Monday, April 7, 2014

I recently had the opportunity to be involved with an original stage adaptation of Pride and Prejudice here at BYU. This adaptation took liberties with the story and included a scene where Mr. Darcy tracks down Mr. Wickham and Lydia Bennett after they have run off and Lydia's virtue is presumably lost; an event that is implied in the book but never made explicit.

The scene was great and I had to watch it from the wings every night in order to jump on stage and move set. At the end of the scene, Darcy presents the pair with a wedding ring. Lydia says that it is beautiful "though just a little modest for my taste. You would have picked something bigger, I'm sure my love." That line always seemed to clothesline the audience.

I don't have Pinterest, but that line totally spoke to our Pinterest-obsessed, materialistic society. I cannot count how many times I've watched co-workers and acquaintances who are not only not engaged, but not even romantically involved with anyone discuss and meticulously plan their weddings and hand pick their engagement rings with Pinterest.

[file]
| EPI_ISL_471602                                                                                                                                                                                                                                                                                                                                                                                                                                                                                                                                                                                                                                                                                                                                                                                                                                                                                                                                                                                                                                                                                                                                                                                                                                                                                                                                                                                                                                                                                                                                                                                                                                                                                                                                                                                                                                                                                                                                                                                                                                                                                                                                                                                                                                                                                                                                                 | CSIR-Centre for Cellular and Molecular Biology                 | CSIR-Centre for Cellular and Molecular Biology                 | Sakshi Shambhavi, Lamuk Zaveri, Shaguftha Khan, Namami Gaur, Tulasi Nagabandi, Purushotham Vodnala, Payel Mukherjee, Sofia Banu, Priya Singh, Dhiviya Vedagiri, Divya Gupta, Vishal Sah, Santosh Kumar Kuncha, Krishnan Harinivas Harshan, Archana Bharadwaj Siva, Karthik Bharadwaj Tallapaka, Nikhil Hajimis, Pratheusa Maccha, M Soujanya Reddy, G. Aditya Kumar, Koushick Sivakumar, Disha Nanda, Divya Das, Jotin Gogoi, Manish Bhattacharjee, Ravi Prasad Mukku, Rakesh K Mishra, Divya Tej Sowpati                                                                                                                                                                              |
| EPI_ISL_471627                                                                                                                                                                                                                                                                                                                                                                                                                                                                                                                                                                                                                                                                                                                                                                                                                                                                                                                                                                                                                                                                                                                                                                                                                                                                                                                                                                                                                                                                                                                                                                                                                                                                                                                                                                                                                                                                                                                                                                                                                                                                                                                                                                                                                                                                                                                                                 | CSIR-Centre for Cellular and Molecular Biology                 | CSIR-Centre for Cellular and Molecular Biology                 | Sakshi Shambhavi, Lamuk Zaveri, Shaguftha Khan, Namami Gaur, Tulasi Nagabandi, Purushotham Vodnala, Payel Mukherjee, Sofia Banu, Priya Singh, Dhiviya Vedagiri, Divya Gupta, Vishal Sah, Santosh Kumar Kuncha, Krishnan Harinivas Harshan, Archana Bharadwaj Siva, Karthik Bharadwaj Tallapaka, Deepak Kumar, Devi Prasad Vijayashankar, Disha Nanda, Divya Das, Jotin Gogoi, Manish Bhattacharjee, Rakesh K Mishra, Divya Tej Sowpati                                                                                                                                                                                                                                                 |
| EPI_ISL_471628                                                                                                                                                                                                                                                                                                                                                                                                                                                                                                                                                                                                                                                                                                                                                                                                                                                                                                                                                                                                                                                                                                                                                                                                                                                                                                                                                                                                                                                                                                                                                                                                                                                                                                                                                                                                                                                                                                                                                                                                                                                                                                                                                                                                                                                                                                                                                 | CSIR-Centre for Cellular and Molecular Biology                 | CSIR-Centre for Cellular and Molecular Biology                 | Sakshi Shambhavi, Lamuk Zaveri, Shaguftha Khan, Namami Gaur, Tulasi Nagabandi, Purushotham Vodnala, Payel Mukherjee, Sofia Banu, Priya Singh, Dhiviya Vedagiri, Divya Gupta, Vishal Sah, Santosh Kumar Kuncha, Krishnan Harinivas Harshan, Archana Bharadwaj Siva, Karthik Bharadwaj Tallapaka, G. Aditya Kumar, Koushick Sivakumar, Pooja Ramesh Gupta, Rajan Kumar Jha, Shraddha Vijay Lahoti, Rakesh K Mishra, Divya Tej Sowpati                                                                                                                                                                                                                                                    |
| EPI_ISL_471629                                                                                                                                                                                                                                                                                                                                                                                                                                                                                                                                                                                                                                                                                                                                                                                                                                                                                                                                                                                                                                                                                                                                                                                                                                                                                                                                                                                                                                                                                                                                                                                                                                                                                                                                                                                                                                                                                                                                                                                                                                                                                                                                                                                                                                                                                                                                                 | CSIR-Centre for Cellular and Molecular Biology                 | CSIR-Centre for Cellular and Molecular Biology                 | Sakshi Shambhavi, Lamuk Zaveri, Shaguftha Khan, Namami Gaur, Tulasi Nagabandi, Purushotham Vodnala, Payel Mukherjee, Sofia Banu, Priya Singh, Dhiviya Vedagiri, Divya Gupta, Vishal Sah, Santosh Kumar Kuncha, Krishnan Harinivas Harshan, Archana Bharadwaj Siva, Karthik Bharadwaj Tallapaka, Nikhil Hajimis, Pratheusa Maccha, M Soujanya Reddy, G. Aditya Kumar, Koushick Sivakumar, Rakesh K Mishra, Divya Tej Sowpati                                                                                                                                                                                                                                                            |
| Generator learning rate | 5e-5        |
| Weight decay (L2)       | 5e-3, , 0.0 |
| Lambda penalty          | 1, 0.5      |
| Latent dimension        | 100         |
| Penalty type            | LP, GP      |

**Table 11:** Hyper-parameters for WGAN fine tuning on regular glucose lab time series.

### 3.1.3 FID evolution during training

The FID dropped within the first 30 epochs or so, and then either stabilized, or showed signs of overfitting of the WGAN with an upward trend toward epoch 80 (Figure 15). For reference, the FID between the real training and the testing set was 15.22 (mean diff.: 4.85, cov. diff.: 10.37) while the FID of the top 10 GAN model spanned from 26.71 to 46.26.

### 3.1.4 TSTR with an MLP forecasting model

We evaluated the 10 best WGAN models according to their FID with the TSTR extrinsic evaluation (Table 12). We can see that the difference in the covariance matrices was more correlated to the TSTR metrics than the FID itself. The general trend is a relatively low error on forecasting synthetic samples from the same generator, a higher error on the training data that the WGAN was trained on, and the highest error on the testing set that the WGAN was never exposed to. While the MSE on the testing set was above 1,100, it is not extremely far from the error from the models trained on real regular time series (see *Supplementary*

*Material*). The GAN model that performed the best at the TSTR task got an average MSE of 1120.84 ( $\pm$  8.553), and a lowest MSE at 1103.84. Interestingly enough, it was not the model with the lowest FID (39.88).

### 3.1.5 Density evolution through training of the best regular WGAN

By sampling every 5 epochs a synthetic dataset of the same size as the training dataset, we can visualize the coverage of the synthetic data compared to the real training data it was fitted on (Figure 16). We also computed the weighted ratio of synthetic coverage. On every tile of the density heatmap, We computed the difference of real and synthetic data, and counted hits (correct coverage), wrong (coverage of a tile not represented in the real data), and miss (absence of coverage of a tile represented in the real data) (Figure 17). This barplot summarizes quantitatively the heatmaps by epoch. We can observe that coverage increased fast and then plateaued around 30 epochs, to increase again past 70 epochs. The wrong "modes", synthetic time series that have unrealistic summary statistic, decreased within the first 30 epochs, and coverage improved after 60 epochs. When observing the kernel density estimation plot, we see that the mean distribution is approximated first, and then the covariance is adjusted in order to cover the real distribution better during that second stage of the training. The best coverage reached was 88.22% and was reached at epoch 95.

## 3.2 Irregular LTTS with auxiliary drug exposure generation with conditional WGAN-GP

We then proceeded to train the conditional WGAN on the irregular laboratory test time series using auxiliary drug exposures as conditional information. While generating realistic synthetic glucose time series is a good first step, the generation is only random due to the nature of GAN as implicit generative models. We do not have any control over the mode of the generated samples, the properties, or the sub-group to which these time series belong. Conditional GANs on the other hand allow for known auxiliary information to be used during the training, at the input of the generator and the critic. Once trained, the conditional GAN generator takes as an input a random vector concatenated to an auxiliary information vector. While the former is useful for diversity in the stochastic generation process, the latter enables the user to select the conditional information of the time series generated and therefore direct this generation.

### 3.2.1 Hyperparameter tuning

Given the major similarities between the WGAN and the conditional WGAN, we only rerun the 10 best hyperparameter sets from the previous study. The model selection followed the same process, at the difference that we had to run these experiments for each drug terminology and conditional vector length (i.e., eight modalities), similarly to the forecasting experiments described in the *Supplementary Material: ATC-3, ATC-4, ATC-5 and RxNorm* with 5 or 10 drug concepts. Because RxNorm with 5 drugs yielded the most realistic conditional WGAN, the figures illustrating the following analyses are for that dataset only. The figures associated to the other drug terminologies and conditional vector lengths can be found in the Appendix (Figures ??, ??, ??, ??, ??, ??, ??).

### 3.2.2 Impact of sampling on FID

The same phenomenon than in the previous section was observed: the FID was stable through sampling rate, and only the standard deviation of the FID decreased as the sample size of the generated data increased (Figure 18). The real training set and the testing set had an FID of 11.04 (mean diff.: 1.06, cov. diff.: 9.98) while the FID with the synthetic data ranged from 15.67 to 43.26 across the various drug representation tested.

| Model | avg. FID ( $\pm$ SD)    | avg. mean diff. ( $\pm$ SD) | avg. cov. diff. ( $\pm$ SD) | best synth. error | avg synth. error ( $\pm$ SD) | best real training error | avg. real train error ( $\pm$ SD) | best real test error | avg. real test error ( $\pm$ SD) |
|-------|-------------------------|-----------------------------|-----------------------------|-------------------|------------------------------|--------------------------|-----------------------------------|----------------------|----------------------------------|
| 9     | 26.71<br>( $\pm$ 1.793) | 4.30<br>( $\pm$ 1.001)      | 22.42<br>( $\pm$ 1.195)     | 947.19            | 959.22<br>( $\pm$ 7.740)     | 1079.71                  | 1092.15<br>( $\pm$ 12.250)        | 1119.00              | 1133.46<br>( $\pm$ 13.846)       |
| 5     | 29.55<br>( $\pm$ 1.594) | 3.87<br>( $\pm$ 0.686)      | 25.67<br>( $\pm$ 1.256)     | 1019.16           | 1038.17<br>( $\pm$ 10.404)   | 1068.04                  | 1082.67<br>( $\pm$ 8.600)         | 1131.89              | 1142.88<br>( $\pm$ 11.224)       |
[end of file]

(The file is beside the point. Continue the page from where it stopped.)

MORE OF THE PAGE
Now, I'm sure that Pinterest can be a wonderful resource, but it's also stark evidence of how materialistic and superficial we can get away with being. I mean, I'll just quote another line from the show: Mr. Collins says to Lizzy after his proposal is denied that "it is by no means certain that another offer of marriage may EVER be made you." I hope everyone who'd like to can and will get married, but you all realize that it might not happen right? And that if it does and you have it planned before you've even met your spouse, chances are your resources or circumstances might not be able to facilitate your dream wedding and you're more than likely to become bride-zilla, right? I'm just throwing that out there.

Elder Teh said it best this conference:

I think the idea of valuing worldly possessions above human relationships or Christlike attributes seems so cliche that we automatically assume that we're exempt from even the possibility. But really, we need to think about it. I know I do.

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